This post isn’t going to make the case against free will. If you want that case in all of it’s glory, check out my book Breaking the Free Will Illusion for the Betterment of Humankind.
Rather, this post is going to be about where the case against free will resides, meaning where it sits and what’s being looked at when the case is being made.
First thing first, I want to address burden of proof. Though I do go over this quickly in the book as well, it’s important to point out when addressing “where the case against free will is” that any such case is in the form of “proving a negative”. In other words, the person making the claim of something “existing” always carries the burden of proof to show that such exists, and that it exists as something more than just a “feeling” or “intuition”. To put it another way, no one I know of is denying that people experience a “feeling” of free will or an “intuition” about it. Of course we do.
We, after all, never see the variables that output our thoughts, decisions, and actions. To us, it seems like all of those options presented before us are all viable options. The illusion of free will exists – as an illusion. As something we intuit (though incorrectly). There is little or no doubt about that. It’s when people say that free will is more than a feeling or illusion that they hold all of the burden of providing proof for their existence claim.
Regardless of this, because people do experience this illusion, and the belief in “actual” free will is pervasive, hard determinists or incompatibilists often feel they have some obligation to “prove a negative”. To shift that burden of proof. To show that free will doesn’t in fact exist, rather than to ask for the evidence for free will – which always seems to come up with something like “we experience it” and then builds on that.
When we look down a straight train track we often experience parallel train tracks converging at the horizon. As we watch a train go down those tracks we see it become smaller and smaller until it eventually vanishes. We know, however, that this is not the case. We know that if we get on a train and ride it toward the horizon that we will not get smaller and smaller until we vanish, or crash because what we thought were parallel train tracks actually converge. We understand the limitations of or perception as well as have an understanding of perspective. We don’t even have to think about it, we simply know that there is no convergence or that the train isn’t literally shrinking. We have no fear of these sorts when riding on that train.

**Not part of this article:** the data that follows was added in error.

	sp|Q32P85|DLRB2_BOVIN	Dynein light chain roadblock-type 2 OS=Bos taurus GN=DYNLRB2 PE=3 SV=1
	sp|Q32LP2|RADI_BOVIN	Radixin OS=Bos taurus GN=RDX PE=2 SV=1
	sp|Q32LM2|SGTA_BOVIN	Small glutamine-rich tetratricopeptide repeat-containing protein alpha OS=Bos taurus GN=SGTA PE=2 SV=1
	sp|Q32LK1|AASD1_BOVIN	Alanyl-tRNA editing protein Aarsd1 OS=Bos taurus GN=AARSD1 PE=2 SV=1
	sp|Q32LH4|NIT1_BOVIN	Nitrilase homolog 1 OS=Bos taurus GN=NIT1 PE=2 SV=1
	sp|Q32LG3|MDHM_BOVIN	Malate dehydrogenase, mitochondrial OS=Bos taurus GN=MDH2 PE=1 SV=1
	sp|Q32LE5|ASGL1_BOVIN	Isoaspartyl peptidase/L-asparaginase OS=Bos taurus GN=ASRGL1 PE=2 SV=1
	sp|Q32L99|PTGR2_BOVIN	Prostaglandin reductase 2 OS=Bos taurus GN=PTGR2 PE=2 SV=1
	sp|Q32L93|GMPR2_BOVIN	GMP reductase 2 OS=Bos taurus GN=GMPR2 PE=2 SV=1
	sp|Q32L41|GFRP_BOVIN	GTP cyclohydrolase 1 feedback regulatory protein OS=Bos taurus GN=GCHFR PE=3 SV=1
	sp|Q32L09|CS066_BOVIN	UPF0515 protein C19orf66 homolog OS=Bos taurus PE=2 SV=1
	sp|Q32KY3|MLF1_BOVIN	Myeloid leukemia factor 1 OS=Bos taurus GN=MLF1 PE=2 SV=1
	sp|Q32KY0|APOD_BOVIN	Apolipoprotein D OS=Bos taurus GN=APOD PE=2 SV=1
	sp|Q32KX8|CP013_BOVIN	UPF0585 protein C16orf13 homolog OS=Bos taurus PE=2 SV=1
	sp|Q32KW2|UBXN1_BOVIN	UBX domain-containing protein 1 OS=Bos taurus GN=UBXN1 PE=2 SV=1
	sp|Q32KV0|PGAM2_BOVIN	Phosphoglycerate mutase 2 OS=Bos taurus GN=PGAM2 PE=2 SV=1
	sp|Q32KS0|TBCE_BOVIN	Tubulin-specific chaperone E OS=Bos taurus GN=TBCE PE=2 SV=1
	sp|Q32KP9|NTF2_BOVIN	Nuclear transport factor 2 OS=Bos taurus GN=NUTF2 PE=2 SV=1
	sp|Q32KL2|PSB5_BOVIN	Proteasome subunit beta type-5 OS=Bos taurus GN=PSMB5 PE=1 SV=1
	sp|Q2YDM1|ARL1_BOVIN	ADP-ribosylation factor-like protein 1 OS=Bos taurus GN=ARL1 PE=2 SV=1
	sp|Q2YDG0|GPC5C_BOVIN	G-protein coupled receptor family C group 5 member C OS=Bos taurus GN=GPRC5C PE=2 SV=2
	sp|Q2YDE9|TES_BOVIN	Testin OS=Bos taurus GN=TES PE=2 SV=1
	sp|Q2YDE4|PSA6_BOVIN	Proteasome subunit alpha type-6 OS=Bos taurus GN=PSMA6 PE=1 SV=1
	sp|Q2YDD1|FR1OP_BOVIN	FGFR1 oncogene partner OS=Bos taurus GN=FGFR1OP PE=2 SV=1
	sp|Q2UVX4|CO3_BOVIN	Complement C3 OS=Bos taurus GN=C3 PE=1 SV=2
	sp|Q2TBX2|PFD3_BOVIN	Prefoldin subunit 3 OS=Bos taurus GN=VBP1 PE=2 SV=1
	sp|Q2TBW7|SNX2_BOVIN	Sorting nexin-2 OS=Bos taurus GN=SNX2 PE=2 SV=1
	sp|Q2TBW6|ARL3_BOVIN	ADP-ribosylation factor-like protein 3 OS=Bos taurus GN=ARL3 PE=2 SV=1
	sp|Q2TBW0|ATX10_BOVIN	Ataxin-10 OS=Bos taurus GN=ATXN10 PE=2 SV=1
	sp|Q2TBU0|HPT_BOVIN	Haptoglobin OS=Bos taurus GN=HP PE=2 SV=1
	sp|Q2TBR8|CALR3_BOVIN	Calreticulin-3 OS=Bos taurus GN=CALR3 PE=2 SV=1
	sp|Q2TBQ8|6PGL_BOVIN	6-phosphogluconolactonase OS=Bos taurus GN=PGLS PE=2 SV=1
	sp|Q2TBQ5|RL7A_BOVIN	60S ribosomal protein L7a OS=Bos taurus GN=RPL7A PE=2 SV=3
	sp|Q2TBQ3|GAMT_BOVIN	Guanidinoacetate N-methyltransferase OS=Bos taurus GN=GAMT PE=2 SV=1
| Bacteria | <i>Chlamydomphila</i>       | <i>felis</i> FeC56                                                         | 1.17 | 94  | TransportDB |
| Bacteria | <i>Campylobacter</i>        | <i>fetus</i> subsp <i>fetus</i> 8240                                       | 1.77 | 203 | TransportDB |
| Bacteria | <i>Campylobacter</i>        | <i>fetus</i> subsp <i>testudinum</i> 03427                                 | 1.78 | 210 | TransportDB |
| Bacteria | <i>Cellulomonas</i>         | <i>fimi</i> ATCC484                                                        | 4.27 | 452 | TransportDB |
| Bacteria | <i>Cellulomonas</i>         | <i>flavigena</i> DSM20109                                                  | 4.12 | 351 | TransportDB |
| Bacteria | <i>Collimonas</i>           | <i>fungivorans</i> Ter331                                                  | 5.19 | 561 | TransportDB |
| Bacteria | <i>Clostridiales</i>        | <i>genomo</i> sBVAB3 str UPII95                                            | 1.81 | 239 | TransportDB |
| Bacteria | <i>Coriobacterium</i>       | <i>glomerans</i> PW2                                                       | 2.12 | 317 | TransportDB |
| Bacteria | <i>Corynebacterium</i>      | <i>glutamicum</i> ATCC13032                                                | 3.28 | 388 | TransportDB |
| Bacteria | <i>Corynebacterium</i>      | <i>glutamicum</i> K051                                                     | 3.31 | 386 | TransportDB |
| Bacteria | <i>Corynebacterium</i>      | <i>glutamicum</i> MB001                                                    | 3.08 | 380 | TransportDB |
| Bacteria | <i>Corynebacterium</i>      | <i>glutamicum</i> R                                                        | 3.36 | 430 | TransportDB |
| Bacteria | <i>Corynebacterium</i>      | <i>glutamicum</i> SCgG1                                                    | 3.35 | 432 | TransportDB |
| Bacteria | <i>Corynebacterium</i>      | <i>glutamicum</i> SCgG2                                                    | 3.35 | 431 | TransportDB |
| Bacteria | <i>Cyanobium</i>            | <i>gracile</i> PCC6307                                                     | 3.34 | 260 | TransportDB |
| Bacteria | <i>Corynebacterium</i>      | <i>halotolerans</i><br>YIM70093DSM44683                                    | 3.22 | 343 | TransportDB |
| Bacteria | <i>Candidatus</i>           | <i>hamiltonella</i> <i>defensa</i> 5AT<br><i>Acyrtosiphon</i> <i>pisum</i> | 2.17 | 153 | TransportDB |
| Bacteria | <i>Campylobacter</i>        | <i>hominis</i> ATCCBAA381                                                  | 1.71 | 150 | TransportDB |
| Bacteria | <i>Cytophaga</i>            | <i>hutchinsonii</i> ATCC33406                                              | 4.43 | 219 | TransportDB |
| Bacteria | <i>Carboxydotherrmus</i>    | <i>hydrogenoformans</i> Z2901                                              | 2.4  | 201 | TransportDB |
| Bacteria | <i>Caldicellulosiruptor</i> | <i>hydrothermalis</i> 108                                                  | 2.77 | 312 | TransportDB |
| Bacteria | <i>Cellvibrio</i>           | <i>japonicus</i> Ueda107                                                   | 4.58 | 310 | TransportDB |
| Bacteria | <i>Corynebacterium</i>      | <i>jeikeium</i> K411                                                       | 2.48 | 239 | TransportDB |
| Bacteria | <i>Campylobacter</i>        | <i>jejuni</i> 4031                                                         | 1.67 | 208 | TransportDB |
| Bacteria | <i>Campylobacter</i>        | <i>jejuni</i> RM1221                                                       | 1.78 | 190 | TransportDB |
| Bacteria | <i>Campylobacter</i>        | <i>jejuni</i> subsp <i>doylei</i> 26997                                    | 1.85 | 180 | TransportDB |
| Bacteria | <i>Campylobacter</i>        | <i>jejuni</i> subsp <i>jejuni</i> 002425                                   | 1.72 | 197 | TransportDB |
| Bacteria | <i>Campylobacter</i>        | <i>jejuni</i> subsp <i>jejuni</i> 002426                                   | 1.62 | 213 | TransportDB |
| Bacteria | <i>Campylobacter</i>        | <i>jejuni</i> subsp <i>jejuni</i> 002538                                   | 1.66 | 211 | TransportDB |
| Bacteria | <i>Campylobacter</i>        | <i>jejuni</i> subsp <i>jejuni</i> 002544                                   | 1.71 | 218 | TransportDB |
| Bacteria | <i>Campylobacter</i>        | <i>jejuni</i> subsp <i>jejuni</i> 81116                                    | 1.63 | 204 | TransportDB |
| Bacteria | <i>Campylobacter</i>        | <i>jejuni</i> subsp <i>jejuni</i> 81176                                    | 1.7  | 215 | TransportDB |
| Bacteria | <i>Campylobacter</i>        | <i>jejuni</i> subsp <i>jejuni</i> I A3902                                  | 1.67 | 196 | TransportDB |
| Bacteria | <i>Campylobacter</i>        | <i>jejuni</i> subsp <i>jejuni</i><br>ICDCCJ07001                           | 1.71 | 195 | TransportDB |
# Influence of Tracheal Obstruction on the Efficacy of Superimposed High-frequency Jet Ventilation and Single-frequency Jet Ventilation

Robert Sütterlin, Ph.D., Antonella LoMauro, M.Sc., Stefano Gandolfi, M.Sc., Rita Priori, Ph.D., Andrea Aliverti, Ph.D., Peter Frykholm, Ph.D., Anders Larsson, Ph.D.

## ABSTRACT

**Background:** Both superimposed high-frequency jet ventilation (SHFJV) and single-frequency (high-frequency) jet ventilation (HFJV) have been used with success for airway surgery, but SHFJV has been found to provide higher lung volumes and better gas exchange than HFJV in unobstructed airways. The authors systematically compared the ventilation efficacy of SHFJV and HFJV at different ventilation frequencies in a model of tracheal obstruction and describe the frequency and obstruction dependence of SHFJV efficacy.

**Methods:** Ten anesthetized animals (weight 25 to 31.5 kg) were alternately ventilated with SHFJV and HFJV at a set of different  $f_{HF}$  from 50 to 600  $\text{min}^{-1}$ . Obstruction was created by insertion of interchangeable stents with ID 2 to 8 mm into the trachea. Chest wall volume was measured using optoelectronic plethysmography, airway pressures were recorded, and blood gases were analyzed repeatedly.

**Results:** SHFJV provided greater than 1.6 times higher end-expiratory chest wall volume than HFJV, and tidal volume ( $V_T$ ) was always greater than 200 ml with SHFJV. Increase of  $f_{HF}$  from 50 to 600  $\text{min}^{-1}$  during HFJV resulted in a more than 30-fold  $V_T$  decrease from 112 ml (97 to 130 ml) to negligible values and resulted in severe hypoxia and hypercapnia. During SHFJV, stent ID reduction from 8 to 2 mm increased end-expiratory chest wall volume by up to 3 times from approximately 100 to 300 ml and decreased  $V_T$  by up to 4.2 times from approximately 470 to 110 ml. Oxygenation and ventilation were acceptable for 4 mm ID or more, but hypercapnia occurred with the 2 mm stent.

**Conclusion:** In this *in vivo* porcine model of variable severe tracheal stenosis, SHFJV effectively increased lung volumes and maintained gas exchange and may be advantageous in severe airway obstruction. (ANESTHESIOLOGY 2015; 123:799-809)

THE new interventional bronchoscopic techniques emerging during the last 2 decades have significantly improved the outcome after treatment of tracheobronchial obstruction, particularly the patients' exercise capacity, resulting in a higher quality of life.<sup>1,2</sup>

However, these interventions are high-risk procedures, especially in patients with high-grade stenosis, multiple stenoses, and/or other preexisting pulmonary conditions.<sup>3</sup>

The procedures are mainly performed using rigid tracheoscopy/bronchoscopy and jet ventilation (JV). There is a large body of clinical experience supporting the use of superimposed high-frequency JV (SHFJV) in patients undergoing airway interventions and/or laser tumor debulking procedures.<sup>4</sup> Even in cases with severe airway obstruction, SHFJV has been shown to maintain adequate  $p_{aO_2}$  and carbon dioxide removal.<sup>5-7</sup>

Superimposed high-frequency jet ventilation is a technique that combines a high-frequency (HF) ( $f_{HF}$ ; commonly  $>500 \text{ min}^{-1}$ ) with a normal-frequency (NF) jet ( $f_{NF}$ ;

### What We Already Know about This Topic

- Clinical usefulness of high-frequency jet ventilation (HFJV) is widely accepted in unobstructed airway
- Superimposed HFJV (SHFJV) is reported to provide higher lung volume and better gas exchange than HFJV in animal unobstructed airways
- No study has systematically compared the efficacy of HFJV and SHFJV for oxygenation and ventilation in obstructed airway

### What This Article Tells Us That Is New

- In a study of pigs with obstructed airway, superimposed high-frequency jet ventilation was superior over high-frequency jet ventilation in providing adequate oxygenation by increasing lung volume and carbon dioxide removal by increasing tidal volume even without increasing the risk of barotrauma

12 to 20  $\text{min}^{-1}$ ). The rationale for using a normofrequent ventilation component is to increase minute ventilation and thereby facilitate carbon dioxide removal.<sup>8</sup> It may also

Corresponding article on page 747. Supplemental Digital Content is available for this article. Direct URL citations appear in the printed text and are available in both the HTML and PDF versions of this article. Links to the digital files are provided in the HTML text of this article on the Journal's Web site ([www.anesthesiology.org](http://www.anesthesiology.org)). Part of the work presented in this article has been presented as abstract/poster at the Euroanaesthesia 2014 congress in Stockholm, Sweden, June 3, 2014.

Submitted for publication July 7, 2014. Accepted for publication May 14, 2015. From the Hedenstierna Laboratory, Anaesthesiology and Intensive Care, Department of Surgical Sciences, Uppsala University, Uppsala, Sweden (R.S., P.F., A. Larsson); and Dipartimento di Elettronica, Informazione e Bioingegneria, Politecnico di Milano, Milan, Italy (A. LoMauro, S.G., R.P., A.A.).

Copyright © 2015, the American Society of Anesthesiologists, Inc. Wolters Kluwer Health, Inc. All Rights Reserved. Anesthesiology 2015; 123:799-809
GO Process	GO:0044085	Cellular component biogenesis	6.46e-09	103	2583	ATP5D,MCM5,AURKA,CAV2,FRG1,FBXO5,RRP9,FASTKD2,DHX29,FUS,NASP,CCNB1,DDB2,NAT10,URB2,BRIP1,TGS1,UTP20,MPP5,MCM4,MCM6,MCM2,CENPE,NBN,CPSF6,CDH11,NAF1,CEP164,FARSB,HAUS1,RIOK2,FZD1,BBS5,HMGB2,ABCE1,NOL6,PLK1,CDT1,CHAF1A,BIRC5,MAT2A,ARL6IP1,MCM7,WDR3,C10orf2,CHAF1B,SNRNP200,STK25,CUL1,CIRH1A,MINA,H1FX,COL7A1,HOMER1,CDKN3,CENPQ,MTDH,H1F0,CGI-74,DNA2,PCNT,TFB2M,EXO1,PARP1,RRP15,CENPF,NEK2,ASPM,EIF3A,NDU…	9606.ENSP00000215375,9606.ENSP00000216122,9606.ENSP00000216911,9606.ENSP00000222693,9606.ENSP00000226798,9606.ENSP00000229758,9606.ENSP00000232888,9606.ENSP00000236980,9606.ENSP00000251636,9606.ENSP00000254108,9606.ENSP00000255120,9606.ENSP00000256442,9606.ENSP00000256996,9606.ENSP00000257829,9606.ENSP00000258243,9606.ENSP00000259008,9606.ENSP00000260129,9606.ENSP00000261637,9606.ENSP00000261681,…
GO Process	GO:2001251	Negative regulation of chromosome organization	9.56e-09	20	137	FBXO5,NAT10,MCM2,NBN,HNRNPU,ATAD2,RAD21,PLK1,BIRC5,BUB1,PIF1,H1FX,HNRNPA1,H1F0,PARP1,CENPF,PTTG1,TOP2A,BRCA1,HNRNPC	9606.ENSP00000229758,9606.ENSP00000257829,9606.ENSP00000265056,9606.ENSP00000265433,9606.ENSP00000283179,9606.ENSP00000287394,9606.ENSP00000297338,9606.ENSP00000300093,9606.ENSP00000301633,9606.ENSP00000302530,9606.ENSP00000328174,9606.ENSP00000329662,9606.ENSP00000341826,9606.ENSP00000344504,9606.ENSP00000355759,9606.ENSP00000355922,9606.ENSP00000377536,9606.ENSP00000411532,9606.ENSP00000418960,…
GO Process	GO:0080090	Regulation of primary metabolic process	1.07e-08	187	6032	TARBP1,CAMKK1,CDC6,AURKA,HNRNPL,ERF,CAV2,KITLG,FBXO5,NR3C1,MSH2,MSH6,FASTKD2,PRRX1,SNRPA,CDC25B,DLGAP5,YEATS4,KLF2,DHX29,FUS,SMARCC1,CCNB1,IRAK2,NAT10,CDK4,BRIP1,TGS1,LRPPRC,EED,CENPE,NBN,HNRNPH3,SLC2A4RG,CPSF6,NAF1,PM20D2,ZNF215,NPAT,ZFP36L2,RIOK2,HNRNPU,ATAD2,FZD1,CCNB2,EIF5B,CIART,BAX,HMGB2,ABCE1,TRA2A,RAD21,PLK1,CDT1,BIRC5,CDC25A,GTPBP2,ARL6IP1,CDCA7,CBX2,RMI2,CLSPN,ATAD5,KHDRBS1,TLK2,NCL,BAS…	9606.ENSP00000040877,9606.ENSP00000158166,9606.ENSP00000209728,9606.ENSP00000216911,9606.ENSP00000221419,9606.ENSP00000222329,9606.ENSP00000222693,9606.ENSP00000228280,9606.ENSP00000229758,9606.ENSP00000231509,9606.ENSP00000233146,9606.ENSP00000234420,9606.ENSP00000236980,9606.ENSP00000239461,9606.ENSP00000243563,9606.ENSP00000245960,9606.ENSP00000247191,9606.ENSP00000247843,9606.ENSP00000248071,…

Likewise, we can know that free will is incoherent, even if we seem to experience something like it. That’s because we can actually prove the negative. We don’t have to wait for someone to attempt to prove that free will exists. We don’t have to say “we shouldn’t believe it until it’s proven”, but rather we can say “we shouldn’t believe it because it has been disproven”. A much stronger, burden shifting, case.
The case against free will is within that “proving a negative” arena that most scientifically or logically minded people understand that there is still a burden for the person making the claim itself. Once that’s clear, we can actually move on to actually proving that negative. That’s done within the confines of logic, meaning the methodologies of deduction as well as induction (our best standards of knowledge). The scientific method uses both induction and deduction, and therefore is an example of a logical methodology. But even before the scientific method we can deductively understand that colorless pink square circles are self-contradictory – rendering them logically incoherent.
Likewise, this is where the case against free will is. We can understand that the universe (or beyond?) is either deterministic (meaning everything has a cause) or indeterministic (meaning that some acausal events can occur). Once we understand these two possibilities we can assess if free will makes sense within them. As it turns out, free will is entirely logically incompatible with those two states. Quantum mechanics can’t free it. Different conceptions of time can’t free it. Some non-physical view can’t free it. It’s simply as logically incoherent as those colorless pink square circles are.
And that’s more than sufficient. With just that alone it’s a closed case. The idea of free will has been found guilty of being complete nonsense. But the case against free will doesn’t stop there. When we get into science and in particular neuroscience, we come up with experiments that seem to align with the fact that this magical ability just doesn’t exist. For example, the fact that we can, for the most part, know if a person will press a button held by their left hand or one held by their right hand, 7 to 10 seconds before they are consciously aware of which button they have decided to press. It’s just more dirt on the coffin of free will – and there will be more of that to come.
So where is the case against free will? It’s in logic, reason, critical thinking, and the willingness to shift the burden to prove a negative. The case is within the logical incoherence of the free will position. Where it’s not located is within the realm of wishful thinking, dogma, fantasy, imagination, or illusion. Those areas are reserved for the cases supporting free will. 😉
Interested in reading the actual case? Well that’s much longer than a single post can handle:
The Kindle ebook version is now available!
Breaking the Free Will Illusion
for the Betterment of Humankind
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